Friday, January 1, 2021

2020 Top Ten List #6 Undine


Writer/director Christian Petzold

UNDINE        B+                                                                                                                  Germany  France  (90 mi)  2020  d:  Christian Petzold   

A smart looking, elegant, but deeply cool and even austere modern rendering of a 19th century fairy tale about a water nymph given human form through love, but destined to kill her lover should he betray her, rather harsh mythological terms and not a woman to trifle with, but something along the lines of Jacques Tourneur’s CAT PEOPLE (1942) starring Simone Simon and Kent Smith, remade with excessive sexuality in 1982 by Paul Schrader with Nastassja Kinski and Malcolm McDowell.  Avoiding obvious references to the sci-fi horror genre, this is a film where there are surprises galore, a story of love and death with a supernatural twist, and then rebirth, as the tale plays out in endless cycles (be sure to watch through the end credits), which has an intoxicating effect on viewers, paralleling a historical tale about the foundation of the city of Berlin, which has been destroyed and rebuilt on several occasions, yet continues to redefine itself through planning commissions and modern architecture, creating a unique identity that has gone through various transformations, but in fact never stops evolving.  As usual with Petzold, his films have the precision of a surgical knife, digging deep under the surface, never knowing what you’ll find.  Deeply allegorical, many viewers may not grasp the meaning behind the film, as it raises questions, but fails to provide meaningful answers.  This is what Petzold does with films, offer provocation, targeting the underlying subconscious reality, stirring things up a bit, and then seeing what unfolds, refusing to provide easy answers.  Petzold, perhaps the best known figure of the Berlin school of filmmakers, has been exploring issues of shifting German identity his entire career, enthralled by German filmmakers like Fritz Lang and Max Ophüls who fled to America to escape Hitler, where in 2018 Top Ten List #3 Transit, someone assumes the identity of a deceased writer to escape a rising tide of fascism, mirroring the current plight of European refugees, while in 2015 Top Ten List # 3 Phoenix, set following the collapse of the Third Reich, one literally receives a facial reconstruction to forge a new identity, both among the director’s best, representing extreme responses to authoritarian rule.  Barbara (2012) examines the repressive legacy of East German Stalinism, while Yella (2007) uses a dreamlike Antonioni reverie to explore postwar German capitalism, while Jerichow (2008) plays upon convention, creating a rural neo-noir to explore an economically challenged region of Germany.  All dwell on various aspects of German history, as does this film, offering a unique style of love letter to the city of Berlin.  Petzold’s entire output displays a masterclass on the overall development of the German soul, having already undergone so many different transmutations, where this film suggests cities, buildings, and ideas constantly change and evolve over time, using surreal, phantasmagorical underwater imagery to delve into our mythical subconscious, including a repeating piano musical theme from Bach’s Adagio movement BMW 974, Concert in D Minor for Oboe, Strings, and Bass played by Icelandic superstar Víkingur Ólafsson, Víkingur Ólafsson – Bach: Concerto in D Minor, BWV 974 - 2 ... YouTube (4:17), itself a transfiguration and a supreme architectural masterpiece of profound emotion.  Arguably the best edited film of the year from collaborator Bettina Böhler, sharp and precise, a Petzold product always feels guided by an assured hand at the helm, where this film draws us in from the outset with the ghostly hyperrealism adding a special underlying allure, never really knowing what to expect, yet there is plenty of suspense and sustained tension throughout.

Paula Beer returns as Undine, winner of a Silver Bear Award as Best Actress at the Berlin Film Festival, seen at the outset in obvious turmoil, an emotionally fraught moment, sitting at an outdoor café where the man sitting across from her, Johannes (Jacob Matschenz), is leaving her for another woman.  But this isn’t any ordinary breakup, as (brace yourselves) she coldly comments, “If you leave me, I’ll have to kill you.  You know that.”  This alters the rules of the game and hovers over everything that follows.  Sounding preposterous, perhaps too hard to believe, Johannes exhibits a certain twitchiness of uncertainty and unease, as his cellphone rings with damning evidence, clearly itching to leave, but she warns him to stay put, that she has to return to work for a half-hour, expecting him to remain sitting there until she returns.  Impossible not to notice that both are redheads, an unusual pairing when it comes to romantic leads, yet there it is — unmistakable.  Just as assuredly she hurries to her next destination, where she works at the models exhibition in the Senate Department for Urban Development as a museum guide, changing her clothes at her locker, identifying herself as a city historian, offering extremely specific historical detail about the city of Berlin’s development, how the land was once viewed as a swamp, becoming a gathering place of commerce and trade, introducing churches and buildings of historical significance, some destroyed and rebuilt from the rubble, eventually built into an architectural marvel, where her focus targets on the reconstruction of East Berlin, including a rendering of that section before and after the collapse of Communism, showing how it eventually merged into a modern cityscape, including models of buildings yet to be constructed, with a small-scale replica of the entire city built on a large table, with viewers standing around in narrow aisles overlooking the design.  The seriousness of her lecture is stunning, revealing a city constantly redefining itself, forging an identity that remains in flux, yet just as emphatically she returns to the scene of the crime, discovering Johannes has left the premises.  Searching inside, she discovers a large aquarium sitting atop a high ledge overlooking the interior premises, making eye contact with what looks like an underwater figure wearing diving attire and a spear, with the fish swimming around it.  Her name is loudly spoken, as if from another realm, apparently coming from the aquarium, while simultaneously she is interrupted by the presence of Christoph (Franz Rogowski), congratulating her on such a fine lecture that he just heard, offering her a coffee, yet she’s obviously in another place mentally, still somewhat dazed and confused, so he steps aside, moving backwards, and stumbles into a storage rack, with plates and silverware crashing to the floor, breaking the aquarium into smithereens, both left helplessly knocked to the floor sopping wet, with shards of glass stuck to Undine’s abdomen, seen bleeding, both facing each other on the floor, where they create a dizzying spectacle of destruction that leaves the proprietor none too pleased, calling them “Assholes,” griping about what he has to clean up afterwards, showing no concern whatsoever for their welfare, but banning them from ever returning.  Easily one of the more peculiar entrances in all of cinema.  No sooner does Undine lose one lover, she’s immediately found another, falling head over heels in love with an industrial diver who performs underwater repairs on bridges, where this guy simply adores everything about her, taking unusual interest in her job, paying rapt attention to her repeating every word of a lecture for him, where they are simply besmitten with each other.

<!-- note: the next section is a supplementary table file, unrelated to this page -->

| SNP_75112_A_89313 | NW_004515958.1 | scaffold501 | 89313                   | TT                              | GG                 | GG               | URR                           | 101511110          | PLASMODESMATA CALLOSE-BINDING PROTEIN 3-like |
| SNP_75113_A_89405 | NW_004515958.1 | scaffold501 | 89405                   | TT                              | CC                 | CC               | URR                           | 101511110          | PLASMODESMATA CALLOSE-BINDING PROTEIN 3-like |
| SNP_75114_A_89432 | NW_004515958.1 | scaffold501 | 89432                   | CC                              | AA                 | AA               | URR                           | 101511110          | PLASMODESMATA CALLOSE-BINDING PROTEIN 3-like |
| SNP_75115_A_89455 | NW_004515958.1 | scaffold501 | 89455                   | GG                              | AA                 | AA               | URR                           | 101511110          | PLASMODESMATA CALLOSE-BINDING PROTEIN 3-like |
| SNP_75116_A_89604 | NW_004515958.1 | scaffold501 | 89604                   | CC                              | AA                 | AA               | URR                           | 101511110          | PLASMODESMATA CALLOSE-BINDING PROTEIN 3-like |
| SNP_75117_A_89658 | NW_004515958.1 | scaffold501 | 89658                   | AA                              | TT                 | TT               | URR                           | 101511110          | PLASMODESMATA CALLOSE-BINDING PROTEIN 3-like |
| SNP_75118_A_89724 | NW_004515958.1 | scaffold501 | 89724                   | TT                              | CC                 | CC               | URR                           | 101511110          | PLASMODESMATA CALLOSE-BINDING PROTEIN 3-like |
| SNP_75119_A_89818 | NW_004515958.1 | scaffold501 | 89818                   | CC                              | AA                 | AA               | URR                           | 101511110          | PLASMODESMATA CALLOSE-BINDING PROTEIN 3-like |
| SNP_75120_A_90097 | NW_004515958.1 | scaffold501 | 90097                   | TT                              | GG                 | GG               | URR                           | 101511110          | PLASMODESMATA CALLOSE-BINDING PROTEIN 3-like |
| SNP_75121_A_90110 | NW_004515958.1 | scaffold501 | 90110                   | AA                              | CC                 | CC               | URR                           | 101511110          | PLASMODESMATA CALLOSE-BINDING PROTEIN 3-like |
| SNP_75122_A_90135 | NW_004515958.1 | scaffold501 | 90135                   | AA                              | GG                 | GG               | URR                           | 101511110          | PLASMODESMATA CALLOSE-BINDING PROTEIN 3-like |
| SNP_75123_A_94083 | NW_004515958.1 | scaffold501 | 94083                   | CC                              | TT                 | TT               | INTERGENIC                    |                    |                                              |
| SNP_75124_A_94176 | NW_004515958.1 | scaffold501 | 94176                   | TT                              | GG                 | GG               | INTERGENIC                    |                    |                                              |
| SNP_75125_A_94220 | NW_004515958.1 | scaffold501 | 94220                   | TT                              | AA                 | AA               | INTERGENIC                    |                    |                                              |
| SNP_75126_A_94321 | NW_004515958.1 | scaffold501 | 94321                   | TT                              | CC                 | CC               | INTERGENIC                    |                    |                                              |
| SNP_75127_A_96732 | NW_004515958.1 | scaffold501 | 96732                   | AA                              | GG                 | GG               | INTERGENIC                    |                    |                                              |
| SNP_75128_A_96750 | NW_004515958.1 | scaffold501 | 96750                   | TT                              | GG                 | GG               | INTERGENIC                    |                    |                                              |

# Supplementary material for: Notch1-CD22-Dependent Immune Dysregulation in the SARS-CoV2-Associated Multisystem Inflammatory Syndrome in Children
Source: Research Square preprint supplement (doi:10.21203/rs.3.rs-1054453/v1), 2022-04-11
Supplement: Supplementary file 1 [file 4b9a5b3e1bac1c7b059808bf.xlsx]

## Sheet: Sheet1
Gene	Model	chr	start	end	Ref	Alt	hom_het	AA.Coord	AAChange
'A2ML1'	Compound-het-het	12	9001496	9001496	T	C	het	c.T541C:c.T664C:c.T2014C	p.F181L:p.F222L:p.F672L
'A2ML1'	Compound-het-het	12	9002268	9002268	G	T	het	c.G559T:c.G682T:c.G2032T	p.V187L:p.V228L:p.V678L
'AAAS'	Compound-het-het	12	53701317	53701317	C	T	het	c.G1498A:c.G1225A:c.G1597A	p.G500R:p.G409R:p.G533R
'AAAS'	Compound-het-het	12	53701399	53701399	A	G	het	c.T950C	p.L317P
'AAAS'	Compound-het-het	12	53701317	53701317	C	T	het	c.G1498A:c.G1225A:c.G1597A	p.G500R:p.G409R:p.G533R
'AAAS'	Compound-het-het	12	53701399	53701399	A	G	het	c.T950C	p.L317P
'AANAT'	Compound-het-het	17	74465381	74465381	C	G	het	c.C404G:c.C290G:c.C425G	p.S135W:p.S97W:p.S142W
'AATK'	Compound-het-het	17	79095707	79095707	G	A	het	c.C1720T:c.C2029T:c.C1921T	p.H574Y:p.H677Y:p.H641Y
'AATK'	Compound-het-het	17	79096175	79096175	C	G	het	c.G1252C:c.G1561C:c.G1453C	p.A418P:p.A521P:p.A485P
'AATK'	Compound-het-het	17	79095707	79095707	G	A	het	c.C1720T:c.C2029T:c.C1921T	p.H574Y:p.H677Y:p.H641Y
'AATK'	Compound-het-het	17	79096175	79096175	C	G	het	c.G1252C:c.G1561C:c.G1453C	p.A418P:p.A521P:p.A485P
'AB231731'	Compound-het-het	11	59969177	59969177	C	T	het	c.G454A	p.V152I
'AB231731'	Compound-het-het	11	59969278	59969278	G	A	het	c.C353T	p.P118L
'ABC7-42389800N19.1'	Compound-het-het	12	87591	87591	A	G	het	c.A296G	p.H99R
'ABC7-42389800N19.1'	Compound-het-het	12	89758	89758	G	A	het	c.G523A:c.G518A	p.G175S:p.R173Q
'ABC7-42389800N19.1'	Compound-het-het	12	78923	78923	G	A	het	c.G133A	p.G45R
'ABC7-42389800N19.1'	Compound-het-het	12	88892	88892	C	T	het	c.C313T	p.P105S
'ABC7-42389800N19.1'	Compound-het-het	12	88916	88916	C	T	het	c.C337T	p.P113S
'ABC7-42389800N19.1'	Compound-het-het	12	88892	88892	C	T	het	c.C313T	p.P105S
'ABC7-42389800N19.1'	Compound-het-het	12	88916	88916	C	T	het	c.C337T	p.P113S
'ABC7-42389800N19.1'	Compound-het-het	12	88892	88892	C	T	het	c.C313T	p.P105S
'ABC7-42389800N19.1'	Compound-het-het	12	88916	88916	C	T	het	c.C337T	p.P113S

The sensuous cinematography by Hans Fromm, working with Petzold since a made-for-TV school project entitled PILOTS (1995), is especially bright and crisp, making it a pleasure to watch, balanced and calm throughout, overtly beautiful at times, making exquisite use of passing trains, matching the elegance of the repeated Bach refrains.  This film in particular has an intriguing style, especially when her lecture about Berlin’s Stadtschloss (Berlin Stadtschloss | Ruin Value, an age-old castle that was demolished under GDR Socialism in the early 1950’s to erase traces of its imperialist past, yet recently reconstructed into the Humboldt Forum) merges into sexual foreplay, where we learn, as they embrace, “Modern architectural theory teaches us that the design of a building can be derived from the best possible realization of its intended use:  form follows function.  In the center of Berlin now stands a museum built in the 21st century in the form of an 18th century ruler’s palace.  The deceptive part lies in the hypothesis that this makes no real difference, which is the same as claiming that progress is impossible.”  The question is:  what to make of all this, as enlightening as it may be?  Just like the rebuilt Stadtschloss, which had undergone various historical connotations, Petzold has rewritten the myth, adding a new dimension of real love in place of the failed betraying model of the myth, inhabiting a wild romanticism that is rare in cinema today.  We’re given a clue when they go underwater diving together, finding her name written on some unseen underwater infrastructure at the bottom of the river, where she quickly slips out of the diving gear and swims on her own, though appears drowned, miraculously saved, supposedly, by his heroics, where he resuscitates her and brings her back to life (though no water is coughed up) to the tune of Staying Alive by the Bee Gee’s, as it has the appropriate rhythm, which she finds unusually sensual, asking him to do it again.  One of the more fascinating shots is just watching the two of them, arm in arm, walking across a bridge, where another couple passing by reveals Johannes in the arms of a blond woman.  Despite being wrapped up in their own reverie, Undine distinctly notices him, setting into motion a dark and disturbing scenario that at the very least is unsettling.  Just the sight of Johannes seems to rupture their amorous bliss, as if hitting a reset button, dovetailing the film in a completely different direction, where she meets an apologetic Johannes at the same outdoor café, this time promising to make amends, claiming he will be breaking up with his girlfriend, suggesting they start anew.  To viewers this may seem like groveling, but we have no way of registering the impact on Undine, now with two interested suiters, receiving a mysterious call from Christoph in the night, quizzically asking her about concealing this other guy, later confessing she was indeed hiding something, only to discover he’s had a horrible accident.  The real and the surreal blend together here, creating an improbable scenario, much of it founded on the myth, yet Petzold’s inscrutable style remains alluring, with Undine returning to the deep, which has a miraculous rehabilitating effect on the living.  It’s all a bit confounding, but never less than enthralling, yet the overall mood feels like there’s a void from Undine’s absence, lacking the intensity she brings, where it’s just not the same, as if drifting into another picture, this time with Christophe years later romantically connecting with his diving partner, Monika (Maryam Zaree), yet it’s a movie where the river beckons, like a mysterious calling from the deep, interrupting normalcy in strange ways, yet the film is still full of surprises, remaining ambiguous to the bitter end, likely to confound viewers, especially those that leave during the final credit sequence.  But for those that remain, there is a brief coda or epilogue that starts the entire sequence of events all over again, much as they do in Haneke’s Funny Games (1997), reviving yet another version of events, a lyrical poem transformed into something new, with the haunting musical refrain acting as the guiding light.